The plan worked.  After just a few months, I became employee #5 at a startup, and spent the next two and a half years traveling throughout Latin America, Africa, India, and Southeast Asia building an online-to-offline payment processing network.  I may not have gotten rich, but I was given a ton of freedom (and responsibility), learned a great deal, and was exposed to a whole new universe of entrepreneurs, investors, and technology pioneers, forging relationships that will outlast any job.  When the time came to move on, I had a cornucopia of emerging companies to pick from, and enough insight into my own strengths, weaknesses, and passions to make an inspired choice. 

Beware the Bubble:  Silicon Valley unquestionably rocks, but as with any truly special environment, it can be too insular at times.  Of course, many entrepreneurs come here for exactly this reason – there are few distractions from the overarching goal of building something great.  That said, your awareness of what actually constitutes greatness can fossilize if it’s not challenged.  The spirit of innovation and improvement is not a sure immunization against group-think and self-congratulation, and even the most gifted people can fall prey to the sense that the rules of the road don’t apply to Silicon Valley.  However, it is still the epicenter of entrepreneurship and engineering culture, and the good easily dwarfs the bad.  The best antidote to insularity is an infusion of fresh talent and fresh perspectives, and this is where you come in.  Realistically, it is much easier to make your mark in Silicon Valley than to try to replicate it elsewhere.  Changing the world requires laser focus, and creating the infrastructure and pre-conditions for success from scratch will inevitably detract from that focus.

More importantly, the rest of the world needs Silicon Valley more than ever.   For too many companies and individuals, the model of success never requires them to step outside the Valley.   Yet, technology is an amazing lever for change, and in my experience the best way to fight insularity is to engage with broader scales of challenges.  My first job out of college took me to the world’s great cities and mud-walled villages alike, and I’ve been fortunate to continue venturing outward ever since.  I’m a firm believer that to change the world, you must first see the world, and Silicon Valley can be a tremendous catalyst for both.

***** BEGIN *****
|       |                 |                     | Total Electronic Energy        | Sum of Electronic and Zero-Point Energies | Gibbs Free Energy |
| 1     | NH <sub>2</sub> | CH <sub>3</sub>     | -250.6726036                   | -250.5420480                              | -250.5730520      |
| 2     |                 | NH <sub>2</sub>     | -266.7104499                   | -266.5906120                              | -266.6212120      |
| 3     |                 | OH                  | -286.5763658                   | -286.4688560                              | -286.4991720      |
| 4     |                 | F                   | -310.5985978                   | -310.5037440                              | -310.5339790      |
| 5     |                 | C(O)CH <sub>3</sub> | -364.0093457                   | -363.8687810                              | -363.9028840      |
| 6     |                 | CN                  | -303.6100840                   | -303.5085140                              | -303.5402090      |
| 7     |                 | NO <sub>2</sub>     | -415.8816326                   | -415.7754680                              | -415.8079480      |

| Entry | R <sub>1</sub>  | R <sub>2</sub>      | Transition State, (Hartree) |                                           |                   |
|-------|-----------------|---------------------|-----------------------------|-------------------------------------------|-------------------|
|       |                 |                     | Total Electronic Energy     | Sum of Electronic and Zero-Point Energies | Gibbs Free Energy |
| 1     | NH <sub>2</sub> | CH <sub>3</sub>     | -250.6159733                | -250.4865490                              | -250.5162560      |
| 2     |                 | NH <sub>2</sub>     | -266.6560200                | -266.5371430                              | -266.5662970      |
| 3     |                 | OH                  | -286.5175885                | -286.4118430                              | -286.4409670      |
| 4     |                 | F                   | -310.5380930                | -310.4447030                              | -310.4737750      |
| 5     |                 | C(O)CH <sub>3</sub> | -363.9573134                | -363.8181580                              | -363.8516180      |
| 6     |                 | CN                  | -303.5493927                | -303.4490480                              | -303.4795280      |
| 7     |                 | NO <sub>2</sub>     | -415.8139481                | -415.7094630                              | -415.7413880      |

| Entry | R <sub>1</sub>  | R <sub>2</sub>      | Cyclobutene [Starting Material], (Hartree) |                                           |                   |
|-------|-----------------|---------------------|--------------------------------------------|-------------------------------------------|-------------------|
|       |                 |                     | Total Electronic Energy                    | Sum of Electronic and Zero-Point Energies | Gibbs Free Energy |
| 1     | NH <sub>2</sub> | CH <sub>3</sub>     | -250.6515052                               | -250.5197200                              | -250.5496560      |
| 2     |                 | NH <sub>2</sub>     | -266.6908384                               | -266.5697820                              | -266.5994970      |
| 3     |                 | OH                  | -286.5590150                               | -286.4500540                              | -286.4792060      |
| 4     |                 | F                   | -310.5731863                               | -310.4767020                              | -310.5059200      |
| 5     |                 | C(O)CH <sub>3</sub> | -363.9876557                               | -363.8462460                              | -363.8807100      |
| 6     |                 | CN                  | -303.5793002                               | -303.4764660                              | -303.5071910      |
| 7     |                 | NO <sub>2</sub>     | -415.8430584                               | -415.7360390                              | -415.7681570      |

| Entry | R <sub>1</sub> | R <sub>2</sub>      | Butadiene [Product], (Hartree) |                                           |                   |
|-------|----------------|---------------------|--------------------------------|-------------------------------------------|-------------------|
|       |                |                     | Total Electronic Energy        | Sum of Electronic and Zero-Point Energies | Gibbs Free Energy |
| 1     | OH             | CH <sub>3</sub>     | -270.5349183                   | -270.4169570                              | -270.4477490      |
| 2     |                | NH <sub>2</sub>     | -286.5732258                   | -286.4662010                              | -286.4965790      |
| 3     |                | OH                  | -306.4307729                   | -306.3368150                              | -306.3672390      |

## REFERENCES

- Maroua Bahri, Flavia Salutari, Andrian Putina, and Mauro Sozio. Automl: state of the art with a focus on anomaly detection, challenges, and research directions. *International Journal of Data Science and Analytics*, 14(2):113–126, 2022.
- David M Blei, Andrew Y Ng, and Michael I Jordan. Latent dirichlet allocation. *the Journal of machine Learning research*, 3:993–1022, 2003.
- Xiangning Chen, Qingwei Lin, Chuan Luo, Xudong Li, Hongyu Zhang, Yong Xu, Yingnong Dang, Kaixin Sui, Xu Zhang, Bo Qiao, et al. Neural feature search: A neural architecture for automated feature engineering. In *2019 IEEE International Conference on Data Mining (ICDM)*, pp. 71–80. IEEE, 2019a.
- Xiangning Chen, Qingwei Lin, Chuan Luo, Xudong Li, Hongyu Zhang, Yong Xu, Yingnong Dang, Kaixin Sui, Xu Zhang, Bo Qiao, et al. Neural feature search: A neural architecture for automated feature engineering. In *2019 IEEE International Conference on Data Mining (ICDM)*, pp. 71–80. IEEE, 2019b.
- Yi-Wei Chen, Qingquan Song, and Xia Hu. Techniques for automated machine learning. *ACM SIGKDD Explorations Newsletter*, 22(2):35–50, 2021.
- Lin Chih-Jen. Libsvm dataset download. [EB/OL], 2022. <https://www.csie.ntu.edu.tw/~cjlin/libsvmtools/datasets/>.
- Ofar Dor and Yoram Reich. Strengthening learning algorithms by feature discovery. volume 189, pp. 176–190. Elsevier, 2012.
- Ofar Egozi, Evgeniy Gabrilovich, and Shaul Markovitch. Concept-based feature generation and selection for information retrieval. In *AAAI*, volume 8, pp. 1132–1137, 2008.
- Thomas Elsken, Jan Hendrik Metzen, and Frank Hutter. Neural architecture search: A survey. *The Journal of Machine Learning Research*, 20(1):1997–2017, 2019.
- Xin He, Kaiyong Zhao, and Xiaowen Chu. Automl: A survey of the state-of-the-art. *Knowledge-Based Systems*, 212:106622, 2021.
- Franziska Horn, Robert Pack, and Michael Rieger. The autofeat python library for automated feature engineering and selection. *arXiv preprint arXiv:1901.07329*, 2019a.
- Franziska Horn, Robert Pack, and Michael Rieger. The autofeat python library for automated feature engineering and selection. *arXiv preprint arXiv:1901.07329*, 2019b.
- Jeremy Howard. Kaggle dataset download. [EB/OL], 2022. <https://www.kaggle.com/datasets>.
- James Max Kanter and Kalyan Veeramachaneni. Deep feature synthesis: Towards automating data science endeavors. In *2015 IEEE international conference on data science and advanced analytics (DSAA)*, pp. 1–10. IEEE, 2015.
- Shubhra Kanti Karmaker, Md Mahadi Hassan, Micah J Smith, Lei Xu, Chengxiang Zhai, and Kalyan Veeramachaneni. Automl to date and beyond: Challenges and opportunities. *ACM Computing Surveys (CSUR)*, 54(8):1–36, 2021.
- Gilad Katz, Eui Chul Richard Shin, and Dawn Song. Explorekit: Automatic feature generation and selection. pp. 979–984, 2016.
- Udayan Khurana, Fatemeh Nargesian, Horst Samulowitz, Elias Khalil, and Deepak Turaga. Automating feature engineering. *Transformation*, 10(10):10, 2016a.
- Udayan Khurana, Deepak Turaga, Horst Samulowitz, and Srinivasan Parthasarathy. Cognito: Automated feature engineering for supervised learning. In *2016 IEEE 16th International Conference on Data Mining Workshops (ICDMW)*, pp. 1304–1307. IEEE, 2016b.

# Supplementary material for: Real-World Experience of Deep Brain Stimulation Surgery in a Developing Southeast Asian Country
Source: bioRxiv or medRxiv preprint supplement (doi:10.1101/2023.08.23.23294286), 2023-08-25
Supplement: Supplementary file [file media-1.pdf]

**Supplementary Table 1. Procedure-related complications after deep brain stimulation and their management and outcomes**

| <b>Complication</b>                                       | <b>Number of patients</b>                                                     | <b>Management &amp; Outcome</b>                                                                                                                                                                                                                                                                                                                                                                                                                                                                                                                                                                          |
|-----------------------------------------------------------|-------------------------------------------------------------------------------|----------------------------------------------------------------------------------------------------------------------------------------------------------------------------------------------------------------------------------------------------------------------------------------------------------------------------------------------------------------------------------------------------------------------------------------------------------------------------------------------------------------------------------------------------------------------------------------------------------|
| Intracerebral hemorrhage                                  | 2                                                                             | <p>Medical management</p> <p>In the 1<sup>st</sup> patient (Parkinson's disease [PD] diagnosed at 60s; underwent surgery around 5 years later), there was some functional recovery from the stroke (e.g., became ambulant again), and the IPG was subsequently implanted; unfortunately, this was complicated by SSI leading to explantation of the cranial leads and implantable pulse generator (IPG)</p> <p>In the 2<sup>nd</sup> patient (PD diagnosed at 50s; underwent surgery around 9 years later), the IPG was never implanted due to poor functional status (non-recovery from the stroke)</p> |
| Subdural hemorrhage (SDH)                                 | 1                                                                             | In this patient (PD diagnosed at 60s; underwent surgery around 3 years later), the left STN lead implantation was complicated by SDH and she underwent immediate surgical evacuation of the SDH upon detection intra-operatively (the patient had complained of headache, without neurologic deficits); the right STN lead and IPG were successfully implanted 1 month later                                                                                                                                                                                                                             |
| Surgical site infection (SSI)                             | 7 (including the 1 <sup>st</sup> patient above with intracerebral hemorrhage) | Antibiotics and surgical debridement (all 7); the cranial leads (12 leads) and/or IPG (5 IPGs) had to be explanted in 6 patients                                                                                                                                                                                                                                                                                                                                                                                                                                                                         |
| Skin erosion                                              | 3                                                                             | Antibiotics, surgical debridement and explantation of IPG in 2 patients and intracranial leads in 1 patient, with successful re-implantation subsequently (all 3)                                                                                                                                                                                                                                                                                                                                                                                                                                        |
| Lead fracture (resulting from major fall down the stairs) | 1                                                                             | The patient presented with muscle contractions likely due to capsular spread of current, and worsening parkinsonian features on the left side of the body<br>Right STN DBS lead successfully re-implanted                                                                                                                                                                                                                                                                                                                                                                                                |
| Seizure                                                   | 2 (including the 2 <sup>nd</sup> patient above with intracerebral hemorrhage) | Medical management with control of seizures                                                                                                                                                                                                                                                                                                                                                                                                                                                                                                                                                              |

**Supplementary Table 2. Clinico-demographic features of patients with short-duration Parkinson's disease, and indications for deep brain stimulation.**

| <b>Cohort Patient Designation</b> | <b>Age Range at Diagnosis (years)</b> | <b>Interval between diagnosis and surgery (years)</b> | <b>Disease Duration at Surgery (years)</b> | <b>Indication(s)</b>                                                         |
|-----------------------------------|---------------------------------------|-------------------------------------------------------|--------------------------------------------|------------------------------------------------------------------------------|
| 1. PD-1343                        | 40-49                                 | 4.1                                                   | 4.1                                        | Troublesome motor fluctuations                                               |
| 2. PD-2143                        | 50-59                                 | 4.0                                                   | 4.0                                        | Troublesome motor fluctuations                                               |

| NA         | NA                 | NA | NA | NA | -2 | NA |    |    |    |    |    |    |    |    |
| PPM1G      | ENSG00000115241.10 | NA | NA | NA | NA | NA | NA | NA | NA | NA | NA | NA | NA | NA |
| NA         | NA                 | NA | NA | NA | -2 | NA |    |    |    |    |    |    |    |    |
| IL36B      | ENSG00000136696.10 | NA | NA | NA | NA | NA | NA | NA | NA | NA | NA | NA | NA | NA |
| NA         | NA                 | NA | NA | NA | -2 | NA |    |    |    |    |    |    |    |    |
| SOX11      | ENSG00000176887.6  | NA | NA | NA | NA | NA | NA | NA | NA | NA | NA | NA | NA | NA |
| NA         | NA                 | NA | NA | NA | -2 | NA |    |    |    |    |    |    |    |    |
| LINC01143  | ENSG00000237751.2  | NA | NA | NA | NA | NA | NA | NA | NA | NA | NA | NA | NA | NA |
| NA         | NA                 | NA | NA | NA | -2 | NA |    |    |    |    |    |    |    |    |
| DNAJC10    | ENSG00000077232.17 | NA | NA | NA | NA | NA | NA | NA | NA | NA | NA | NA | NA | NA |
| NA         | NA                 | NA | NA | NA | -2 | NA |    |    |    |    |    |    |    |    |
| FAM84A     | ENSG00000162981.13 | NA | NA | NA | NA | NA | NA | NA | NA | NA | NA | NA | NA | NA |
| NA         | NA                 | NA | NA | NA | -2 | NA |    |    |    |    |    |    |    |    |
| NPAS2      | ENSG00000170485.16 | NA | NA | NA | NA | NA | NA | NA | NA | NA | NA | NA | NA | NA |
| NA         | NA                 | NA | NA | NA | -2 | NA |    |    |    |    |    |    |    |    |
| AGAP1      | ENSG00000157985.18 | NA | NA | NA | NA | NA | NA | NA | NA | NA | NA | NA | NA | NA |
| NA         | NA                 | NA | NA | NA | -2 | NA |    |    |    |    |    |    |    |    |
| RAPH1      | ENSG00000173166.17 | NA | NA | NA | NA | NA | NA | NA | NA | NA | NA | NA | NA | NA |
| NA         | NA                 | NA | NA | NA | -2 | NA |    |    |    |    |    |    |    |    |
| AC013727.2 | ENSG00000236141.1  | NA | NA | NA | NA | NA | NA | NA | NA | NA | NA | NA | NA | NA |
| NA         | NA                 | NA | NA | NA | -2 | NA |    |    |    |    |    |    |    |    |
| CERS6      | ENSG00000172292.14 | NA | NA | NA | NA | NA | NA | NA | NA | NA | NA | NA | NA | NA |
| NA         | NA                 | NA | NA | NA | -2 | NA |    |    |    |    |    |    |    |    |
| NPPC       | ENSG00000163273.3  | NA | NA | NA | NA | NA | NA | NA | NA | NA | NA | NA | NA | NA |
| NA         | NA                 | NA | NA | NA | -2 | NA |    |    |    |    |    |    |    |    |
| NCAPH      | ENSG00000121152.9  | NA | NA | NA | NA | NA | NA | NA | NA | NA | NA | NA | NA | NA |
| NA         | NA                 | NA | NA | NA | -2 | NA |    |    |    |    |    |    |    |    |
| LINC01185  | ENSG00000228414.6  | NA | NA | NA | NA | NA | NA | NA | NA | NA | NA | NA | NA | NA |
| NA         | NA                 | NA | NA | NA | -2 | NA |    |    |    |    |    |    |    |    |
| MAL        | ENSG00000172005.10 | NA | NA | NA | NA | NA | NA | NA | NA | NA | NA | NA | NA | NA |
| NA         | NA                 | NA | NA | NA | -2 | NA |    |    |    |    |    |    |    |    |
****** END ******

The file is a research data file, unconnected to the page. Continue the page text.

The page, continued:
Peace, Love, and Understanding: Expanding your way of thinking is essential, yet there is also something to be said for being around people who not only share your interests and passions, but also understand you on a fundamental level.  As motivating as it is to be told you’re crazy, it’s even better to find kindred spirits to join in the effort.  Silicon Valley is above all a community of passion, and it is difficult to convey the motivational power of such a community without experiencing it firsthand. 

We’ve all heard some variation on this maxim: “Find a job you love and you’ll never have to work a day in your life.”  I appreciate the sentiment, but I don’t completely agree.  As much as I’ve enjoyed my time in Silicon Valley, I’ve never felt like I wasn’t working – for myself, for my teammates, and for a common goal.  And because I’ve always been working for something, I tend to think that work/life balance is a false dichotomy, and so I’ve made it a practice to seek out individuals who felt the same way.  Whether there’s a business opportunity or not, good things happen when people who share defining values find each other. 

In February of 2010, I had coffee with a computer scientist-turned-entrepreneur who had created a compelling prototype for a new educational technology, and was looking for office space and strategic advice.  Although our respective markets were worlds apart at first glance, I was captivated by how similarly we approached our work and how much we defined ourselves by our passions.  A few months later, we were engaged, and exactly one year from our second date, we got married, surrounded by many of the close friends we had made on each of our entrepreneurial journeys.  After a two-day honeymoon, she was off to a conference and I was off to visit my biggest international customer.  Since then, it’s been an incredible ride.  It hasn’t always been easy, but Pooja and I both came to Silicon Valley knowing we’d have to make an extra effort to live our dreams – all of them.